Van Gogh’s Provence – In the Heart of a Nobody
“You see, for me that God of the clergy is as dead as a door-nail. But does that make me an atheist? Clergymen consider me one – so be it – but you see, I love, and how could I feel love if I were not alive myself or if others were not alive, and if we are alive there is something wondrous about it. Now call that God or human nature or whatever you like, but there is a certain something I cannot define systematically, although it is very much alive and real, and you see, for me that something is God or as good as God. You see, when in due course my time comes, one way or other, to die, well, what will keep me going even then? Won’t it be the thought of love?”
– van Gogh, at 28 years old, in a letter to his brother, Theo
Vincent van Gogh moved to Arles in southern France in 1888 and began his most prolific period of painting. Most of his masterpieces come from this time. I have always been an admirer of Van Gogh, not just of his paintings, but of his heart-wrenching letters to his brother, benefactor and best friend, Theo, in which he openly expressed his struggle as an artist to express the simple beauty he felt no one else had captured. He also wrote about his existential aims and the intense mental anguish which eventually took his life:
“What am I in the eyes of most people — a nonentity, an eccentric, or an unpleasant person — somebody who has no position in society and will never have; in short, the lowest of the low. All right, then — even if that were absolutely true, then I should one day like to show by my work what such an eccentric, such a nobody, has in his heart. That is my ambition, based less on resentment than on love in spite of everything, based more on a feeling of serenity than on passion. Though I am often in the depths of misery, there is still calmness, pure harmony and music inside me. I see paintings or drawings in the poorest cottages, in the dirtiest corners. And my mind is driven towards these things with an irresistible momentum.”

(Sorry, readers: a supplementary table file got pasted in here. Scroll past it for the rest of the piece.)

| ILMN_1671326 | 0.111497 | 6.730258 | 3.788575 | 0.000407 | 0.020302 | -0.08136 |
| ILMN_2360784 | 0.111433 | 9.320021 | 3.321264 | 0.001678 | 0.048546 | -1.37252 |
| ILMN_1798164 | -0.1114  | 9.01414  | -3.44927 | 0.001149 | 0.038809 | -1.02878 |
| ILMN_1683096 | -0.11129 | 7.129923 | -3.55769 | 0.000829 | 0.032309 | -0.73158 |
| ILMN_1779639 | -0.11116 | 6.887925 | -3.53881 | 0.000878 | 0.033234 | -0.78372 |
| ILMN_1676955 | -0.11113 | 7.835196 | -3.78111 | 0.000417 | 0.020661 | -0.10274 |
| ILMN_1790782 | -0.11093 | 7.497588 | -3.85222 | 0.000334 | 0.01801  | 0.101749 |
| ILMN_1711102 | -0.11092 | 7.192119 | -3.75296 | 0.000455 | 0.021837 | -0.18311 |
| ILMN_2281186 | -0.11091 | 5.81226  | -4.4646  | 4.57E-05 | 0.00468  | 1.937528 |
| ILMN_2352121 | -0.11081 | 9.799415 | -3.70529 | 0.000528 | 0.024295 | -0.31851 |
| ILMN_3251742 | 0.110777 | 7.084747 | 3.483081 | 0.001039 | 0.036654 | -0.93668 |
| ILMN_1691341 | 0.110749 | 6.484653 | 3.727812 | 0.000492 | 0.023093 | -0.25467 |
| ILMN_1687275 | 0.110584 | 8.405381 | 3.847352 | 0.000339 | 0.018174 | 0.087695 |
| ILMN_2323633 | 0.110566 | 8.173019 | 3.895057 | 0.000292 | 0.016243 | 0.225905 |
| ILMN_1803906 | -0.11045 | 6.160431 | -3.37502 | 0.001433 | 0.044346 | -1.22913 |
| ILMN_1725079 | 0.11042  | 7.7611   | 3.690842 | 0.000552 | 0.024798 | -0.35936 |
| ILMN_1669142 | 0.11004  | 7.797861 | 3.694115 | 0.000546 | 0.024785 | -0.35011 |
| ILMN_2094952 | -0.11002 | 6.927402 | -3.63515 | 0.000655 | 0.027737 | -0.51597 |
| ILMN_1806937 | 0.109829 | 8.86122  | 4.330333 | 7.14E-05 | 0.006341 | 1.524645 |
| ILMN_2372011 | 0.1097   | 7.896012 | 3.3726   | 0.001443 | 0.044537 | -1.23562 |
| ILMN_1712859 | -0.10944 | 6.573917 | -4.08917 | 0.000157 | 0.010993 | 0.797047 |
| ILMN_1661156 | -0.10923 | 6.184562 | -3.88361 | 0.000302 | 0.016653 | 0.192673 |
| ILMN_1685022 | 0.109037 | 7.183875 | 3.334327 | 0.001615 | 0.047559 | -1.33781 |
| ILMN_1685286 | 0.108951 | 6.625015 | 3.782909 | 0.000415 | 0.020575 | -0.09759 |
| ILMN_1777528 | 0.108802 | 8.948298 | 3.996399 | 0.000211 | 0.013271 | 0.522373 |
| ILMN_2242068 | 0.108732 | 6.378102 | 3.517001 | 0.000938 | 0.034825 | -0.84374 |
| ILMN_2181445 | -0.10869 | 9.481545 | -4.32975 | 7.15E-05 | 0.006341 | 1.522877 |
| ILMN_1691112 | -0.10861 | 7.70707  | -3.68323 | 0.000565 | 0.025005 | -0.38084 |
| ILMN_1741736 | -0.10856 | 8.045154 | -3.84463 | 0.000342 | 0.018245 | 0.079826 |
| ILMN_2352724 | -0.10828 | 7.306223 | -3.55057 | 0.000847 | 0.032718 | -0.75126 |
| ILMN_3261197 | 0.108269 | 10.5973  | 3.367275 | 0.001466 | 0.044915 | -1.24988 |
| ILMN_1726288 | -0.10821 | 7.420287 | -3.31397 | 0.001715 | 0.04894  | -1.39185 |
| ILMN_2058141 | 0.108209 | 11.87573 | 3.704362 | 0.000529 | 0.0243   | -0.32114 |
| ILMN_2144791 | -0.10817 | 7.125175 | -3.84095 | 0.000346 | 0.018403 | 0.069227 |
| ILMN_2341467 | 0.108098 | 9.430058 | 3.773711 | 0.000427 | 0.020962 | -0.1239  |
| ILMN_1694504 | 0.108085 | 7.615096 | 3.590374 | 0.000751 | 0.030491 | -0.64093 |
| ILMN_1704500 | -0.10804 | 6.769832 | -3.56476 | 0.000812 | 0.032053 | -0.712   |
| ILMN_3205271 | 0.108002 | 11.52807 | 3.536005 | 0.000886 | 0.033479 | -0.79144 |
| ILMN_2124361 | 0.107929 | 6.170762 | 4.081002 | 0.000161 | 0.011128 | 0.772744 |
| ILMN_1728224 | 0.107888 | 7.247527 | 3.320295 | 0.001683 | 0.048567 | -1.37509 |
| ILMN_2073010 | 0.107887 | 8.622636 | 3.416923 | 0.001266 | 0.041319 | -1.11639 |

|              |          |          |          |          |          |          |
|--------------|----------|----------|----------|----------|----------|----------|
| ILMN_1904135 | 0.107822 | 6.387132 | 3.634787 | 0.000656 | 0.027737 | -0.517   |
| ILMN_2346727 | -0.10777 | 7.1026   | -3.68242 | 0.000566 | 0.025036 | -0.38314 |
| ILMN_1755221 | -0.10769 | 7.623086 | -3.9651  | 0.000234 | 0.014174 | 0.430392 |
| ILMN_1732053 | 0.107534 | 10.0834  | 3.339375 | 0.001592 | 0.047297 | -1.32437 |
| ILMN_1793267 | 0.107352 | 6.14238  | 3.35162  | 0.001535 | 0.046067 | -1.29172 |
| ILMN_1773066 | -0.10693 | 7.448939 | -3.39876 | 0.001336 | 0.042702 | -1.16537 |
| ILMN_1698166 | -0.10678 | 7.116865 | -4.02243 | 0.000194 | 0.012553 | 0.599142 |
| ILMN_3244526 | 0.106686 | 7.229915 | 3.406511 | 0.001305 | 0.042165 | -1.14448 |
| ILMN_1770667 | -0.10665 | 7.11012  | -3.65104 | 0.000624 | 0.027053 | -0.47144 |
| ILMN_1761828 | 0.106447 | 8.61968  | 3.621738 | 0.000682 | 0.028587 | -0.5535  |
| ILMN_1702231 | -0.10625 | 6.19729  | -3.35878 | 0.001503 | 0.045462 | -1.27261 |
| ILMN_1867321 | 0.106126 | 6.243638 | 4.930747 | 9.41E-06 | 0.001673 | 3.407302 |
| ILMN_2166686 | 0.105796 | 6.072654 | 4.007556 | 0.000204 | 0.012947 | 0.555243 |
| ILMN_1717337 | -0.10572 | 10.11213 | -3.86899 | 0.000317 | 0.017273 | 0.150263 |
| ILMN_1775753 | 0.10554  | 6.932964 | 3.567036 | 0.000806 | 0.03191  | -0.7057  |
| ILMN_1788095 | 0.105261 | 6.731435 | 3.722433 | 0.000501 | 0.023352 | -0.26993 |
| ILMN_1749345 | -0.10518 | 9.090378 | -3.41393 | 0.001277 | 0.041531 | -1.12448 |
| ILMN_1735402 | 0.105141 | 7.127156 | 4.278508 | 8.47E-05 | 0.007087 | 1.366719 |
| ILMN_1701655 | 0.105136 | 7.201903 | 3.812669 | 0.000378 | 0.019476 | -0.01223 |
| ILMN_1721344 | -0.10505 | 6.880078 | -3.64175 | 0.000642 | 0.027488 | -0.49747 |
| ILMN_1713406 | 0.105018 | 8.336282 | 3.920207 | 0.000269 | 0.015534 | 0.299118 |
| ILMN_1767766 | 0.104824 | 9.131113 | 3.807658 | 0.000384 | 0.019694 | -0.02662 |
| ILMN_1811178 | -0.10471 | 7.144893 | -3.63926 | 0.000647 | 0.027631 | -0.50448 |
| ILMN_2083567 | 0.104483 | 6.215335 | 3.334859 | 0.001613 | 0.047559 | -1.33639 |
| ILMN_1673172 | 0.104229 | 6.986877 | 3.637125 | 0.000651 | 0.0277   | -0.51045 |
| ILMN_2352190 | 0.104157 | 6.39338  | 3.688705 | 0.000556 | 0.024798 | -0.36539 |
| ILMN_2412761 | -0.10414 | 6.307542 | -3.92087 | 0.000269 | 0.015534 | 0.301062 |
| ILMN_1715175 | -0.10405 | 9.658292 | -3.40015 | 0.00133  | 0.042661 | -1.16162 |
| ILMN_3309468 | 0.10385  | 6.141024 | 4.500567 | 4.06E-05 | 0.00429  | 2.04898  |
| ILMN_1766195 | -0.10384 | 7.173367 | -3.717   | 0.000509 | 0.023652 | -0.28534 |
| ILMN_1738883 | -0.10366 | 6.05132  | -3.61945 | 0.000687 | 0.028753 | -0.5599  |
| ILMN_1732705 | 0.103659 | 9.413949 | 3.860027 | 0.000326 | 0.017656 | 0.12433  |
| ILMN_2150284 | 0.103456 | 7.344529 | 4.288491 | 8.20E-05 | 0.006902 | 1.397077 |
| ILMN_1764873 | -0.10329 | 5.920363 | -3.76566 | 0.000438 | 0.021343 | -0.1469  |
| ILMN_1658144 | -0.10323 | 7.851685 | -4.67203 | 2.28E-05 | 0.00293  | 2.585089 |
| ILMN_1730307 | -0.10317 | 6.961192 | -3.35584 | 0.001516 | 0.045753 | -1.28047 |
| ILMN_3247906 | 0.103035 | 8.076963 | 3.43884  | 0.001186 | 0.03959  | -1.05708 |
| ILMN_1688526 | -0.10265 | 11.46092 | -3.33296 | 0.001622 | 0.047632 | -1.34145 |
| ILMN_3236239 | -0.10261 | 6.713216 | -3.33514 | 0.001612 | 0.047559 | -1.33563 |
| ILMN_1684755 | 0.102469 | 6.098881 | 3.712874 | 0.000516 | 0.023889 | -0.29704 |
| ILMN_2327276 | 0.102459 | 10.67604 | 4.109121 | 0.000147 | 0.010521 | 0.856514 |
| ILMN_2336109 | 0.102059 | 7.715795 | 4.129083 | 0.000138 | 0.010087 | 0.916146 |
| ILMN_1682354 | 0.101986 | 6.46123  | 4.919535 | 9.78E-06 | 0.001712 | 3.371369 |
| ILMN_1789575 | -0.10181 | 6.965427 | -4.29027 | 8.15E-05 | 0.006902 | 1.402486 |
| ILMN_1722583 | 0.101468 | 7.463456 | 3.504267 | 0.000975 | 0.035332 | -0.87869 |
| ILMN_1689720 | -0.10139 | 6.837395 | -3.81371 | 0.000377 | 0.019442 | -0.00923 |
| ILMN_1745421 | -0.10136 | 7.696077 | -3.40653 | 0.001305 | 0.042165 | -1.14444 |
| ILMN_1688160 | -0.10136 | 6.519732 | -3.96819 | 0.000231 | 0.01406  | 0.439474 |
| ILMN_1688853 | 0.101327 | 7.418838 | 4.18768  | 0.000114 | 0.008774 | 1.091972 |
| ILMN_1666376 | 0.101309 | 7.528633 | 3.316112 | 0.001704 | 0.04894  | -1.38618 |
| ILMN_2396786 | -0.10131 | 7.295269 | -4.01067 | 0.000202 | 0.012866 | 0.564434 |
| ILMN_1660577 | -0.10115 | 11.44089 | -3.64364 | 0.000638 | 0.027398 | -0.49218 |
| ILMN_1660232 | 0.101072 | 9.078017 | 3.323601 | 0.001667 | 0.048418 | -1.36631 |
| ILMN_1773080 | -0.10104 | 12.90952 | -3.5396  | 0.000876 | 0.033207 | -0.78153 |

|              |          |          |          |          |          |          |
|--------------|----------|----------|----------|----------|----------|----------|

Provence had been painted before van Gogh, but the Dutch master thought the earlier works were insufficient. He wanted to capture the subtle colors of the night sky, the unique movement of the cypresses in the mistral, and the love he had for his subject. Accurate scale was sacrificed in his effort to express something deeper, something often unnoticed. Like a poet-journalist, he was less factual but still revealed truths. My favorite:
Jessica and I spent an afternoon exploring the beautiful asylum and it’s peaceful grounds. We appreciated the contrast of colors, like the lavender next to bright yellow wheat and the tall sharp cypresses like teetering black obelisks cutting into the sunny blue sky. The place was so charming that we thought it might be worth losing an ear if it meant we could live there.
“Do you know what makes the prison disappear? Every deep, genuine affection. Being friends, being brothers, loving, that is what opens the prison, with supreme power, by some magic force. Without these one stays dead. But whenever affection is revived, there life revives.”